Sims Reed Rare Books×

Tsuki ni Hoeru. (Howling at the Moon)

Onchi Koshiro, Hagiwara Sakutaro & Tanaka Kyokichi

Tokyo. Kanjyoshisha, Hakujitsusha Publishing Division. 1917
First edition, limited to 500 copies, in the rare dust-jacket.

Sakutaro Hagiwara is considered by many critics to be the father of modern Japanese poetry. He was among the first poets to break away from the traditional, strictly metered forms of Japanese poetry as practiced in the writing of tanka and haiku. He also established a new aesthetic in Japanese poetry in which he attained a sustained poetic lyricism by using colloquial Japanese speech in free-verse poems.

In 1916 he co-founded the magazine Kanjo (Sentiment) with Muro Saisei, an author whose poems he greatly admired. The magazine featured a new style of modern Japanese poetry that was distinct from the highly intellectual poems that other magazines of the day were publishing. The following year Hagiwara published his first poetry collection, Tsuki ni Hoeru (Howling at the Moon). This collection, which introduced Hagiwara's extraordinary talent for using colloquial speech in a free-verse style, gained wide critical acclaim and established his reputation as a significant new voice in Japanese poetry. Because of the erotic content of two of the poems, six pages were removed by the censorious authorities.

'Howling at the Moon' had a wide and immediate impact on the Japanese literary community. Although the collection contains some traditional tanka, many of the poems use colloquial language and are written in a loose, unmetered form. Hagiwara's success at elevating common Japanese speech to a poetic form was unprecedented - he essentially created a new aesthetic in modern Japanese poetry.

Not only is the poetry of 'Howling at the Moon' of such a landmark status, the book's importance also lies in the groundbreaking illustrations. Onchi Koshiro is considered one of the leading innovative figures among Japan's twentieth-century artists. He produced single sheet prints and book designs, as well as being a poet and art theorist. In 1911, under the influence of Takehisa Yumeji, Onchi began to design books and quickly became involved in producing print and poetry magazines. Onchi started to make abstract prints at the beginning of the Taisho- era (1912-26), and continued to experiment, drawing on traditional elements of Japanese colour and decorative sense, combining them with motifs from international modernism. His abstract designs for 'Howling at the Moon', produced in collaboration with Tanaka Kyokichi during the last months of the latter's terminal illness, are of huge importance in regard to the nascent beginnings of avant-garde artistic activity in Japan. A second edition was published in 1922.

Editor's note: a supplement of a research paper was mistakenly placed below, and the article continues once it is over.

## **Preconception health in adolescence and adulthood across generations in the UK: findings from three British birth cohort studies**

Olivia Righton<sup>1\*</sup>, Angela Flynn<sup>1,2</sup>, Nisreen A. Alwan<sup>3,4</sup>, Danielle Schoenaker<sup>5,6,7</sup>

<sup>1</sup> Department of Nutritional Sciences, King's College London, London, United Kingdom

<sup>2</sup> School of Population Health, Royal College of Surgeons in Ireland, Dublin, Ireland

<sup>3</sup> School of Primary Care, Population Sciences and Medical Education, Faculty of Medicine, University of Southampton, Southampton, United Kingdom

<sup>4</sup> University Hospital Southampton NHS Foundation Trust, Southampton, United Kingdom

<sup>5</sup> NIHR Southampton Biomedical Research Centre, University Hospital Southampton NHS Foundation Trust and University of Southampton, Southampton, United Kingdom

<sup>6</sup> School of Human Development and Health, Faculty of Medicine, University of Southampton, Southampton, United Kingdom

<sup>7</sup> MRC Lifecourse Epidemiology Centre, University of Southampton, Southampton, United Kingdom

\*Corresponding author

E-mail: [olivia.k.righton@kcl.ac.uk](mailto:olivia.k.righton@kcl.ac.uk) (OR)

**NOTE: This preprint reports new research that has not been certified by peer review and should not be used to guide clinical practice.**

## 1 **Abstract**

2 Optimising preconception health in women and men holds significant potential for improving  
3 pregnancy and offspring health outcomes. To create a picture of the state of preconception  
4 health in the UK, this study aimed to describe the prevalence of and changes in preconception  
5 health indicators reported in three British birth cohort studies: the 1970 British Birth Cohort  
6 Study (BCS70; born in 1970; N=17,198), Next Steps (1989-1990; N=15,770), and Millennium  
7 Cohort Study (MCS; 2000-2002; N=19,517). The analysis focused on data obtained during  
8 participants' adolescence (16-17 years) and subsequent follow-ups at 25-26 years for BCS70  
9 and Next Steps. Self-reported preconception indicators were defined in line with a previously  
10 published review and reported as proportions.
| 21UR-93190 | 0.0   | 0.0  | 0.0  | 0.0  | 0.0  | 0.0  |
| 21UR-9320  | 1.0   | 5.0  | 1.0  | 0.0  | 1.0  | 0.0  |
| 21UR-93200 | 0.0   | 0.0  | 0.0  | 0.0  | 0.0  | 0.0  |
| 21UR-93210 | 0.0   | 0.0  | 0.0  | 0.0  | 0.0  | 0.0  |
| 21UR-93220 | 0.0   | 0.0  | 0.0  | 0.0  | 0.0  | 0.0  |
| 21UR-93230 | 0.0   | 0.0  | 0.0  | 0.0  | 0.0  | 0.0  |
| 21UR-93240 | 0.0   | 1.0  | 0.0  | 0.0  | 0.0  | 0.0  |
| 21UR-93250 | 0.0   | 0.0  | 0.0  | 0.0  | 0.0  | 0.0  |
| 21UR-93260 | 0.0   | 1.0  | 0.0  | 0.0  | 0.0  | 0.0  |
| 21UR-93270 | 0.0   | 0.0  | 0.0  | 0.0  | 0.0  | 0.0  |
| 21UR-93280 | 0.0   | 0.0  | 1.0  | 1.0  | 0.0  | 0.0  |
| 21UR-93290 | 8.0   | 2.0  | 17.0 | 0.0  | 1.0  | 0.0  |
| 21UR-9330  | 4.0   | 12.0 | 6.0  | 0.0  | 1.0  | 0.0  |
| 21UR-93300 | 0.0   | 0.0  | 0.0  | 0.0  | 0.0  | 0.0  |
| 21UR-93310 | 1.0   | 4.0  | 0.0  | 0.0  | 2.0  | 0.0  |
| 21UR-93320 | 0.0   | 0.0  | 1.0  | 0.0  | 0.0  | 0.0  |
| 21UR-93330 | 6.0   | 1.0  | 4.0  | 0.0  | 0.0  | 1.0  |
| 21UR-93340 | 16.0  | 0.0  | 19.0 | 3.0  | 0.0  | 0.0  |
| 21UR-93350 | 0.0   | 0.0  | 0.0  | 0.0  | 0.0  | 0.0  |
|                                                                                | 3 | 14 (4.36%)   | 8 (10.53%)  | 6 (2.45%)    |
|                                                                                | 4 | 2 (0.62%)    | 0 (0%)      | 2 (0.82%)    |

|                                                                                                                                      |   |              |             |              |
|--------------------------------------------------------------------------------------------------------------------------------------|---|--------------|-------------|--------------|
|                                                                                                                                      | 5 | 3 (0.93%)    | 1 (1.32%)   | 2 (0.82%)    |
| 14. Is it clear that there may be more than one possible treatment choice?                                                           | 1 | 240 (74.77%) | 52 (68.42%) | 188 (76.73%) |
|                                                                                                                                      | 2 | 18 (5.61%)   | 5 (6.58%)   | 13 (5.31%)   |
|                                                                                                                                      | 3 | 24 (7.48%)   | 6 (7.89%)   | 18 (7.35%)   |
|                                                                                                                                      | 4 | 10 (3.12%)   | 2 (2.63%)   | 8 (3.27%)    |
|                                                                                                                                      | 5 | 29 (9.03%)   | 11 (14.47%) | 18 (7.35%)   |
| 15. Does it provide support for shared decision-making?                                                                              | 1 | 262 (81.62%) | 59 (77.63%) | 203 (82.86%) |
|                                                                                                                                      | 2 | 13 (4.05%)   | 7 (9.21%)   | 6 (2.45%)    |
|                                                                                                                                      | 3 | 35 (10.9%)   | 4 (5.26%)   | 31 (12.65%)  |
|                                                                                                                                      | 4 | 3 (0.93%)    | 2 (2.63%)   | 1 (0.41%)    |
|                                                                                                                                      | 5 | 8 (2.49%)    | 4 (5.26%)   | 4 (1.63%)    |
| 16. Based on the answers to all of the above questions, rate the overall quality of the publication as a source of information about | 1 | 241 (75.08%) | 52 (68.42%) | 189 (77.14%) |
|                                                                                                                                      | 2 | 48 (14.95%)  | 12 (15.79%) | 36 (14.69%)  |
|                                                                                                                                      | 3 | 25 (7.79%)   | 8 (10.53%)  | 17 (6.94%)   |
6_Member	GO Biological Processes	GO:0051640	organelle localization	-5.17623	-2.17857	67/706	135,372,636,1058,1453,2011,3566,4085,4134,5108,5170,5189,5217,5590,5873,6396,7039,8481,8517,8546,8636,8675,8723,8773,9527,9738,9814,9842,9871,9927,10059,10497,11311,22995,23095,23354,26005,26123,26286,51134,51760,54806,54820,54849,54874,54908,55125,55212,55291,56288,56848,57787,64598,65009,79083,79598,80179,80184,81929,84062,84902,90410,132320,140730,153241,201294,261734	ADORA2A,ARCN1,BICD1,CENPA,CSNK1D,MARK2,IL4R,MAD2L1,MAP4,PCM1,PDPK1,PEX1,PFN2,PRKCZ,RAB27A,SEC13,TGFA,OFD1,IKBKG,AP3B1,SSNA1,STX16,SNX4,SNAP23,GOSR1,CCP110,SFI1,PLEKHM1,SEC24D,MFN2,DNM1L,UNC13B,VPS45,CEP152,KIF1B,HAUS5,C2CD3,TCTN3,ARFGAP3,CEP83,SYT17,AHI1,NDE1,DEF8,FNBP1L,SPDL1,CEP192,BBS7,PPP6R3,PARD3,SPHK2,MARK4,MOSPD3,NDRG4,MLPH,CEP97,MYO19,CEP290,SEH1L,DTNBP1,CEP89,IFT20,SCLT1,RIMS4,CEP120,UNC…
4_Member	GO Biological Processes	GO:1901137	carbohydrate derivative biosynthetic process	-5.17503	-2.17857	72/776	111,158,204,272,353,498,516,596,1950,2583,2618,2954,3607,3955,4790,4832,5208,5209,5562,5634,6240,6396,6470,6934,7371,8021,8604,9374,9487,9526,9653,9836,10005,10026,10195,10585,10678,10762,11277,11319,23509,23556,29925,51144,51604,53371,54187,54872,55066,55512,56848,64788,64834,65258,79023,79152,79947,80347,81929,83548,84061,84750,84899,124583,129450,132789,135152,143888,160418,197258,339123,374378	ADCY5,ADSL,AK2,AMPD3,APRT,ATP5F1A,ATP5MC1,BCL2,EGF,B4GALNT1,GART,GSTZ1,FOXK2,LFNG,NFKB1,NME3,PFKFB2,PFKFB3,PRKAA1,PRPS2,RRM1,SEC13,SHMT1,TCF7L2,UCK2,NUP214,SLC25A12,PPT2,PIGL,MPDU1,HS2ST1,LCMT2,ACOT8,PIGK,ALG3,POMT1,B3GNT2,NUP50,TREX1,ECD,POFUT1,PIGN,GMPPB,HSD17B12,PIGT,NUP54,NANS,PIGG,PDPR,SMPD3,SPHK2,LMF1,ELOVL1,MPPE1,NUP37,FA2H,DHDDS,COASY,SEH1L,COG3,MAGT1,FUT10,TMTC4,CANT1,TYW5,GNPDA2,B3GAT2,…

[PROVENANCE: Effaced ownership signature to title: 'S. Shimidzu / Kobe, 1917'; contemporary bookseller's ticket to rear flap of dust-jacket].

[Ref. Pompidou - Japon des avant gardes 1910-1970 p.175; Books as Art - Urawa Art Museum 2001, pp. 74 - 75].
8vo. (200 x 140 mm). Frontispiece and 3 woodblock print illustrations by Onchi Koshiro, 11 plates by Tanaka Kyoichi. Original publisher's beige paper-covered boards with printed title to spine and vignette to front board, matching endpapers and original dust-jacket with colour design by Tanaka Kyokichi to front panel, printed title to spine.

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